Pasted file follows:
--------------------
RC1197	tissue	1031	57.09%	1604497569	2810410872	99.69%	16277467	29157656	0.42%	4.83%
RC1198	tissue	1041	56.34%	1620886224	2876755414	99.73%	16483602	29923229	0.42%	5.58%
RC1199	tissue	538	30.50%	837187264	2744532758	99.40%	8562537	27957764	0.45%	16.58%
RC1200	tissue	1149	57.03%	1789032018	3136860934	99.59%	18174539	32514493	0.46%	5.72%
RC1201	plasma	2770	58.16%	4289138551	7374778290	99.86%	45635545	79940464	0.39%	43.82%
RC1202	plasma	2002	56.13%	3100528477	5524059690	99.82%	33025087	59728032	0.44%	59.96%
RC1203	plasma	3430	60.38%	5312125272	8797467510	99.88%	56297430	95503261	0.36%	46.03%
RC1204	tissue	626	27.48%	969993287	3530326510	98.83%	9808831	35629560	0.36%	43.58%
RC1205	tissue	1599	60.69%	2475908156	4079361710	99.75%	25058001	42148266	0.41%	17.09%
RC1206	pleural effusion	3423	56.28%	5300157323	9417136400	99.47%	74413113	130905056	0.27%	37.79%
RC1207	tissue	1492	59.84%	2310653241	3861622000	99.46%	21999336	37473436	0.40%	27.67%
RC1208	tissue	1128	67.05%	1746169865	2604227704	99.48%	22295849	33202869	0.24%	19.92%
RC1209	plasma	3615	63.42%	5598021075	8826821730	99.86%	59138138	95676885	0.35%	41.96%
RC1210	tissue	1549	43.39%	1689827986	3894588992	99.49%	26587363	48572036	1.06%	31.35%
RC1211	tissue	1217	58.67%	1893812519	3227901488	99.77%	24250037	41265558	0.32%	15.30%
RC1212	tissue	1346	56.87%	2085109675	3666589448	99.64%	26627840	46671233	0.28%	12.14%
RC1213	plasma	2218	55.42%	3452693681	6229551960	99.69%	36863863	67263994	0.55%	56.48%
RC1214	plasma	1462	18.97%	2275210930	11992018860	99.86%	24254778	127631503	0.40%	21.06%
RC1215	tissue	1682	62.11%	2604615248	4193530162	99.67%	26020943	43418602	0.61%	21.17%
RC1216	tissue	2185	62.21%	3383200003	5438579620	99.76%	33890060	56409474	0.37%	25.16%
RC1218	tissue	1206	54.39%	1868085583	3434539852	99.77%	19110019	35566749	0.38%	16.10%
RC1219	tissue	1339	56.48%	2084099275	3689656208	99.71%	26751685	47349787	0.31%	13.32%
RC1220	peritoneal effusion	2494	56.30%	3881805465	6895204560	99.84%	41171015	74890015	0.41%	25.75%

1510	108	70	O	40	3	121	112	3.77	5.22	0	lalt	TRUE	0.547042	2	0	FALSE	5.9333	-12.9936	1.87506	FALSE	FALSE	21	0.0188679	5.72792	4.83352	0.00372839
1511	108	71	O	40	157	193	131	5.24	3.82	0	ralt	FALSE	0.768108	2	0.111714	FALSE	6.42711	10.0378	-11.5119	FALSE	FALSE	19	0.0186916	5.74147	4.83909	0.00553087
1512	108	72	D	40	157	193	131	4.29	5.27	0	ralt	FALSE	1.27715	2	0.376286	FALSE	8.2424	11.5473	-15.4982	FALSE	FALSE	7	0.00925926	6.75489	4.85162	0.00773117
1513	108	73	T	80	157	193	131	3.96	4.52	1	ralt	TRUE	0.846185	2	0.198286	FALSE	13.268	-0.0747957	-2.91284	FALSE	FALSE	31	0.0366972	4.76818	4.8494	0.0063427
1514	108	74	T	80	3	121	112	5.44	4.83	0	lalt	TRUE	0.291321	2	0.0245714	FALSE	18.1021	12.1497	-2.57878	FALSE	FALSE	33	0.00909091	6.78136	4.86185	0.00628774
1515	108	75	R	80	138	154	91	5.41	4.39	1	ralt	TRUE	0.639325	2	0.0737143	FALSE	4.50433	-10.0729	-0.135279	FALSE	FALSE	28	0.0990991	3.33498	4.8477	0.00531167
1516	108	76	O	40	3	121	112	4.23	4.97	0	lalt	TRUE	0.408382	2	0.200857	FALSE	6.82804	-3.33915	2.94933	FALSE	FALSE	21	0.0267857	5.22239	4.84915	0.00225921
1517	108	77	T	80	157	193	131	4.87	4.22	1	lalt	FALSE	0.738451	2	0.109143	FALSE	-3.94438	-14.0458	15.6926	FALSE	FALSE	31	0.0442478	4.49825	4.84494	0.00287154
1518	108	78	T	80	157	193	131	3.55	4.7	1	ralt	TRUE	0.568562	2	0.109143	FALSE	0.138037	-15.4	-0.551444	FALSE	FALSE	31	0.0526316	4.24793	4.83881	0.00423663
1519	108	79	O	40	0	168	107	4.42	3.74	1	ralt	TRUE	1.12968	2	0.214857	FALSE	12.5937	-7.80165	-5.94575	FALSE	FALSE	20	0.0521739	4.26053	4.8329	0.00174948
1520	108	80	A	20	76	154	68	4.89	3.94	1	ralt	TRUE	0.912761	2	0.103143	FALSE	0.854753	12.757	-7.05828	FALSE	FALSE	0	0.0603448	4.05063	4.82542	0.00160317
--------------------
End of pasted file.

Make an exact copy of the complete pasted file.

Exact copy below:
RC1197	tissue	1031	57.09%	1604497569	2810410872	99.69%	16277467	29157656	0.42%	4.83%
RC1198	tissue	1041	56.34%	1620886224	2876755414	99.73%	16483602	29923229	0.42%	5.58%
RC1199	tissue	538	30.50%	837187264	2744532758	99.40%	8562537	27957764	0.45%	16.58%
RC1200	tissue	1149	57.03%	1789032018	3136860934	99.59%	18174539	32514493	0.46%	5.72%
RC1201	plasma	2770	58.16%	4289138551	7374778290	99.86%	45635545	79940464	0.39%	43.82%
RC1202	plasma	2002	56.13%	3100528477	5524059690	99.82%	33025087	59728032	0.44%	59.96%
RC1203	plasma	3430	60.38%	5312125272	8797467510	99.88%	56297430	95503261	0.36%	46.03%
RC1204	tissue	626	27.48%	969993287	3530326510	98.83%	9808831	35629560	0.36%	43.58%
RC1205	tissue	1599	60.69%	2475908156	4079361710	99.75%	25058001	42148266	0.41%	17.09%
RC1206	pleural effusion	3423	56.28%	5300157323	9417136400	99.47%	74413113	130905056	0.27%	37.79%
RC1207	tissue	1492	59.84%	2310653241	3861622000	99.46%	21999336	37473436	0.40%	27.67%
RC1208	tissue	1128	67.05%	1746169865	2604227704	99.48%	22295849	33202869	0.24%	19.92%
RC1209	plasma	3615	63.42%	5598021075	8826821730	99.86%	59138138	95676885	0.35%	41.96%
RC1210	tissue	1549	43.39%	1689827986	3894588992	99.49%	26587363	48572036	1.06%	31.35%
RC1211	tissue	1217	58.67%	1893812519	3227901488	99.77%	24250037	41265558	0.32%	15.30%
RC1212	tissue	1346	56.87%	2085109675	3666589448	99.64%	26627840	46671233	0.28%	12.14%
RC1213	plasma	2218	55.42%	3452693681	6229551960	99.69%	36863863	67263994	0.55%	56.48%
RC1214	plasma	1462	18.97%	2275210930	11992018860	99.86%	24254778	127631503	0.40%	21.06%
RC1215	tissue	1682	62.11%	2604615248	4193530162	99.67%	26020943	43418602	0.61%	21.17%
RC1216	tissue	2185	62.21%	3383200003	5438579620	99.76%	33890060	56409474	0.37%	25.16%
RC1218	tissue	1206	54.39%	1868085583	3434539852	99.77%	19110019	35566749	0.38%	16.10%
RC1219	tissue	1339	56.48%	2084099275	3689656208	99.71%	26751685	47349787	0.31%	13.32%
RC1220	peritoneal effusion	2494	56.30%	3881805465	6895204560	99.84%	41171015	74890015	0.41%	25.75%

1510	108	70	O	40	3	121	112	3.77	5.22	0	lalt	TRUE	0.547042	2	0	FALSE	5.9333	-12.9936	1.87506	FALSE	FALSE	21	0.0188679	5.72792	4.83352	0.00372839
1511	108	71	O	40	157	193	131	5.24	3.82	0	ralt	FALSE	0.768108	2	0.111714	FALSE	6.42711	10.0378	-11.5119	FALSE	FALSE	19	0.0186916	5.74147	4.83909	0.00553087
1512	108	72	D	40	157	193	131	4.29	5.27	0	ralt	FALSE	1.27715	2	0.376286	FALSE	8.2424	11.5473	-15.4982	FALSE	FALSE	7	0.00925926	6.75489	4.85162	0.00773117
1513	108	73	T	80	157	193	131	3.96	4.52	1	ralt	TRUE	0.846185	2	0.198286	FALSE	13.268	-0.0747957	-2.91284	FALSE	FALSE	31	0.0366972	4.76818	4.8494	0.0063427
1514	108	74	T	80	3	121	112	5.44	4.83	0	lalt	TRUE	0.291321	2	0.0245714	FALSE	18.1021	12.1497	-2.57878	FALSE	FALSE	33	0.00909091	6.78136	4.86185	0.00628774
1515	108	75	R	80	138	154	91	5.41	4.39	1	ralt	TRUE	0.639325	2	0.0737143	FALSE	4.50433	-10.0729	-0.135279	FALSE	FALSE	28	0.0990991	3.33498	4.8477	0.00531167
1516	108	76	O	40	3	121	112	4.23	4.97	0	lalt	TRUE	0.408382	2	0.200857	FALSE	6.82804	-3.33915	2.94933	FALSE	FALSE	21	0.0267857	5.22239	4.84915	0.00225921
1517	108	77	T	80	157	193	131	4.87	4.22	1	lalt	FALSE	0.738451	2	0.109143	FALSE	-3.94438	-14.0458	15.6926	FALSE	FALSE	31	0.0442478	4.49825	4.84494	0.00287154
1518	108	78	T	80	157	193	131	3.55	4.7	1	ralt	TRUE	0.568562	2	0.109143	FALSE	0.138037	-15.4	-0.551444	FALSE	FALSE	31	0.0526316	4.24793	4.83881	0.00423663
1519	108	79	O	40	0	168	107	4.42	3.74	1	ralt	TRUE	1.12968	2	0.214857	FALSE	12.5937	-7.80165	-5.94575	FALSE	FALSE	20	0.0521739	4.26053	4.8329	0.00174948
1520	108	80	A	20	76	154	68	4.89	3.94	1	ralt	TRUE	0.912761	2	0.103143	FALSE	0.854753	12.757	-7.05828	FALSE	FALSE	0	0.0603448	4.05063	4.82542	0.00160317